Fried Frog in Khmer Spices

0.5

at Sky High Bar & Restaurant

-Phnom Penh-

CAMBODIA

With Kim SY, Lee Y, Seng B

WHO Research Trip, Day 2

If only to add "frog" to the list of By Ingredients list, I gave it a shot.  Among the 3 types of preparation offered on the menu, I chose the one featuring Khmer spices, wanting it to be authentically Cambodian.  When the dish came, I was surprised to see that it wasn't just the legs but also other parts of the body, including little pieces of spine, which I thought would make for a cooler if grislier photo.  At first bite, the spices were all I could taste, extremely rich and flavorful, typical of the curry-like melange found in many dishes throughout Southeast Asia.  But then, after a few serious chews, the frog came through.  When I visualize a frog living in a pond, and I imagine what it might taste like--that's what this tasted like.  I thought maybe that it was an acquired taste but not one that I aspired to acquire.  I was told by our Cambodian dining companion that frog shouldn't taste like that.  He speculated that, while frog is fairly popular at casual, country-style restaurants, the customers at this relatively upscale establishment would tend to opt for fancier fare, leaving the kitchen's frog supply untouched and kept too long on ice and thus less than optimally fresh.  Oh well.  The green beans, bell peppers, and other vegetables in the dish were okay.  At least it was only US$4. 

The Sky High Bar & Restaurant is located on the top floor of Mekong View Tower with a distant but grand view of Phnom Penh's expat/tourist popular Sisowath Quay (Riverside) across the Mekong River.

Table condiments included minced red chilies and garlic, as well as a tasty peppery fish sauce.

Chinese kale/broccoli (gailan), for some reason shaved, in garlic sauce (2.5).

Steamed jasmine rice, of course.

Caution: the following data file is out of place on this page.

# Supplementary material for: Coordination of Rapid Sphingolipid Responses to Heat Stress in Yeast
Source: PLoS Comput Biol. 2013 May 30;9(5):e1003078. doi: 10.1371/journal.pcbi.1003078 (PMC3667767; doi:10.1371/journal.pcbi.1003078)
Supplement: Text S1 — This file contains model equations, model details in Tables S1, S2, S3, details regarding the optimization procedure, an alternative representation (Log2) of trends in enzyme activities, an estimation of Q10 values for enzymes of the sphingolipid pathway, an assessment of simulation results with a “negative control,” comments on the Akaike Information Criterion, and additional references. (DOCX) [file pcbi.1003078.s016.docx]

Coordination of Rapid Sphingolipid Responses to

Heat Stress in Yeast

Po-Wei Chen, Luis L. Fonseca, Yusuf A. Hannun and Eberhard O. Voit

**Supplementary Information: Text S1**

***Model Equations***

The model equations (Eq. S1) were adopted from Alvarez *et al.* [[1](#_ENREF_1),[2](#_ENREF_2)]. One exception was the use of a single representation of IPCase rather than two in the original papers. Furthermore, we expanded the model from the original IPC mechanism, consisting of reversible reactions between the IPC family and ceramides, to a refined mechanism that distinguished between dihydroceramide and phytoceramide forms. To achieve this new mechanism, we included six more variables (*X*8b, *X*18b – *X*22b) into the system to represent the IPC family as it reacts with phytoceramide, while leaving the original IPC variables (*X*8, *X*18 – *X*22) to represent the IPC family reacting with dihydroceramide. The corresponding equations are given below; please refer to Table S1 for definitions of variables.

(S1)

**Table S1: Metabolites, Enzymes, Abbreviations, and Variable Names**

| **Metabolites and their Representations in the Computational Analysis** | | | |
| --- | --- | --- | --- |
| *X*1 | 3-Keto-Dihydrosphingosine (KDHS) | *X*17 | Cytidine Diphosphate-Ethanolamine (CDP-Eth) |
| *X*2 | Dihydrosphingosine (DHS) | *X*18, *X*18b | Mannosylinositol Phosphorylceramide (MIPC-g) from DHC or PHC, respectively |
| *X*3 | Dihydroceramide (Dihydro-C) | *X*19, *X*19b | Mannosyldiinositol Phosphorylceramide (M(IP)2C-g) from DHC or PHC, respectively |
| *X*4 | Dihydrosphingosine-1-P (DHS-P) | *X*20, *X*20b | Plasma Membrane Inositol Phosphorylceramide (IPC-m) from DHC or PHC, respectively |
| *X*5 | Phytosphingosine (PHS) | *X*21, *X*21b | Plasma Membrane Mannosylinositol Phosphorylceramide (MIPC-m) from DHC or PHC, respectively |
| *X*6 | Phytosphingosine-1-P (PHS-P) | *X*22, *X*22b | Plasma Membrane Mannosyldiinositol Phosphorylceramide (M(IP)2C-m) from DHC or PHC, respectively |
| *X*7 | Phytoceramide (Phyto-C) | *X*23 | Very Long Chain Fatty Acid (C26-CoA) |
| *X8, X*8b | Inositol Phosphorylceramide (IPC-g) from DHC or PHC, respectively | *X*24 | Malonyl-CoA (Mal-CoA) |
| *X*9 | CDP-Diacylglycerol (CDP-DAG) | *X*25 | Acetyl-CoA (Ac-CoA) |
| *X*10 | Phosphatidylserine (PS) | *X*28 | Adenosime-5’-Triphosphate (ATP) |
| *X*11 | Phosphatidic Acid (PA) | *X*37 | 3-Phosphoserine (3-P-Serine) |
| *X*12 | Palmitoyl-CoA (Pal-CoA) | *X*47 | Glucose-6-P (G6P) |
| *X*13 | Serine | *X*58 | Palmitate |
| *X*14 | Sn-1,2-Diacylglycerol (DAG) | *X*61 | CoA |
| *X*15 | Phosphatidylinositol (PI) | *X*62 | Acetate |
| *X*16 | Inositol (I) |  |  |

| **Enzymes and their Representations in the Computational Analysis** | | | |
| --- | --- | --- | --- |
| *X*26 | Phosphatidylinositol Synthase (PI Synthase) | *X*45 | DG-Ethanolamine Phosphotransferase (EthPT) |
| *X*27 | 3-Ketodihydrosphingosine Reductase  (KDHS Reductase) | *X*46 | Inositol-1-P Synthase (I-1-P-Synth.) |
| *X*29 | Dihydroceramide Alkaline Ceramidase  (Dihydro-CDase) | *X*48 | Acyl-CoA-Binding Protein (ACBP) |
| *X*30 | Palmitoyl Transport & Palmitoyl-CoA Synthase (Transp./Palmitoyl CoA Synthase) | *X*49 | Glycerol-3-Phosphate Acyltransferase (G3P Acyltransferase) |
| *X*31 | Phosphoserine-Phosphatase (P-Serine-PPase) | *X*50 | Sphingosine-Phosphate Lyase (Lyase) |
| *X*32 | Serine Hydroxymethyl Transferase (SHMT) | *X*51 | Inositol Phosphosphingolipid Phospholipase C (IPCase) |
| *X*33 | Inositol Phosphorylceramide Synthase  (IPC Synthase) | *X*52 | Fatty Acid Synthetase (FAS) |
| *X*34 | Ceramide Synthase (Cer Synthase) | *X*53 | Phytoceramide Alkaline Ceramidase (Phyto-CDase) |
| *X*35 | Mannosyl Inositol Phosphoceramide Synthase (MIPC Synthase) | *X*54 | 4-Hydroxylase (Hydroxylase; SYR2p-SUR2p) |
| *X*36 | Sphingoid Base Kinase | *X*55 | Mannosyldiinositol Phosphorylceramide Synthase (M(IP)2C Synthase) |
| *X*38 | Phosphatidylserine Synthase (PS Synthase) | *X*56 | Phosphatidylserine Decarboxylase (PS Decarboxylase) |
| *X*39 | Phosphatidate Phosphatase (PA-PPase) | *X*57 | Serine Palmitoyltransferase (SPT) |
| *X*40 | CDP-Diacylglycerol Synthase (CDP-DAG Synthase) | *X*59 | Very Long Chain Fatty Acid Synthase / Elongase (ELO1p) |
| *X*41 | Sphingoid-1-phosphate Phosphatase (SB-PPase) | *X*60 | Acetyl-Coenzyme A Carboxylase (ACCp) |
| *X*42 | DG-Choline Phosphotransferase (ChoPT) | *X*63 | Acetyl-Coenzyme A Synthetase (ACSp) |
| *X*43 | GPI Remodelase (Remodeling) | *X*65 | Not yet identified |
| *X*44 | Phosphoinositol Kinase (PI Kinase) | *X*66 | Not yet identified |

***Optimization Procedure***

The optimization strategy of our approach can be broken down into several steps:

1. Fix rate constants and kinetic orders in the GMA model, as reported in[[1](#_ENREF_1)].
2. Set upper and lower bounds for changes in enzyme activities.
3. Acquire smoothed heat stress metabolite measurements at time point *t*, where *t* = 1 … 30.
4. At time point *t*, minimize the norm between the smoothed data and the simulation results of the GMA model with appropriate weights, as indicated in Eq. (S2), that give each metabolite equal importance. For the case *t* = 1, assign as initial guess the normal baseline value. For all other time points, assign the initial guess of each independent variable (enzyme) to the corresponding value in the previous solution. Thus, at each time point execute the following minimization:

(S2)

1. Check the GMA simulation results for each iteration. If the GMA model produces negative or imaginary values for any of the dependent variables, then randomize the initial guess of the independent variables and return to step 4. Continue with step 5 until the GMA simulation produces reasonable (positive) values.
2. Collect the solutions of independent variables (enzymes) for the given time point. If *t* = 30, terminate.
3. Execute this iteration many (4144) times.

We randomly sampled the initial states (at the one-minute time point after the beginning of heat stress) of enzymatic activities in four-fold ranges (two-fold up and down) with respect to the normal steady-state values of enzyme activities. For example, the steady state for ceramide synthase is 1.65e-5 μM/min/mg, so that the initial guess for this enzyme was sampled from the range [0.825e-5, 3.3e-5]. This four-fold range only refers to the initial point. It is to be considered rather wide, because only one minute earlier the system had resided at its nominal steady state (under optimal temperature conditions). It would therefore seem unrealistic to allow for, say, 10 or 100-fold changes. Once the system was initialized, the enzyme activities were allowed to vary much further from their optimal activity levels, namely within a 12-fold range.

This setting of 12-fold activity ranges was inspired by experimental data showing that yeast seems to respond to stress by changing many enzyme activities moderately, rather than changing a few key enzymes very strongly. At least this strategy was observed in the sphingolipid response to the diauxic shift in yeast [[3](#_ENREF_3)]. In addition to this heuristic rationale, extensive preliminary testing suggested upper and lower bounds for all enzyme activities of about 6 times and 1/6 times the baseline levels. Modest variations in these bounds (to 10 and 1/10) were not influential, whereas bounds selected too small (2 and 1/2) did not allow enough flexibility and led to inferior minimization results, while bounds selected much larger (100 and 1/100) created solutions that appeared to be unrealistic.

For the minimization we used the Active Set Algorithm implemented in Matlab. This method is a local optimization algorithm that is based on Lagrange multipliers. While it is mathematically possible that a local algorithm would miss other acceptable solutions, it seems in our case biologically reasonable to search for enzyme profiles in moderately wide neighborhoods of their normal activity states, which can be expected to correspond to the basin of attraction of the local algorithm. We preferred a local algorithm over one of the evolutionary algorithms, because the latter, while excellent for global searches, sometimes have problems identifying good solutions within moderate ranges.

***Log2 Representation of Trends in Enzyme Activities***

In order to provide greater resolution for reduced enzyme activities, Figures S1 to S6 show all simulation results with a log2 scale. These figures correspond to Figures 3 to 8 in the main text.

green mango salad (1.0)

The most popular local beer is Angkor, a hoppy lager--pretty good.

The steamed clams weren't so great (0.5).

The sweet & sour fish soup wasn't so great (1.0).

The best dish of the evening was this Amok Trey, one of Cambodia's most famous dishes, which consists of fish in coconut-kroeung sauce, another curry-like concoction (4.0).

My first papaya ever, and I didn't like it (I don't like fruit in general).

Earlier in the day, we had lunch at Orchidee, a Cambodian restaurant located across the street from our hotel.  Being my first real meal in the country, not counting breakfast in the hotel a few hours prior, I didn't know what to expect, but it turns out that Cambodian food shares a lot in common with the culinary traditions of neighboring countries, especially Thailand.  Our local contact would later inform me that many dishes popularized globally as "Thai" would be considered "Cambodian" by the natives.  Dishes heavily influenced by Chinese and Vietnamese cuisine are also very commonplace.  So, a majority of the dishes on the menu seemed very familiar.  And for someone accustomed to the exorbitant food prices in Korea (and certain other parts of the world), I was shocked at how cheap everything was--most dishes ranging between US$3-$6 (most things here are charged in US dollars)--even though such prices would be regarded as expensive by domestic standards.  Overall, it was a great meal.  Welcome to Cambodia!


The view of Orchidee from my hotel room, quite literally "across the street."

The main dining area looked like a resort lobby.

Tourist-friendly menus with photos and English descriptions.

water spinach in garlic sauce (3.5)

rice noodles with beef (3.0)

crab fried rice (3.0)

shrimp in red curry (3.5)

Korean soju--just $3.50 a pop!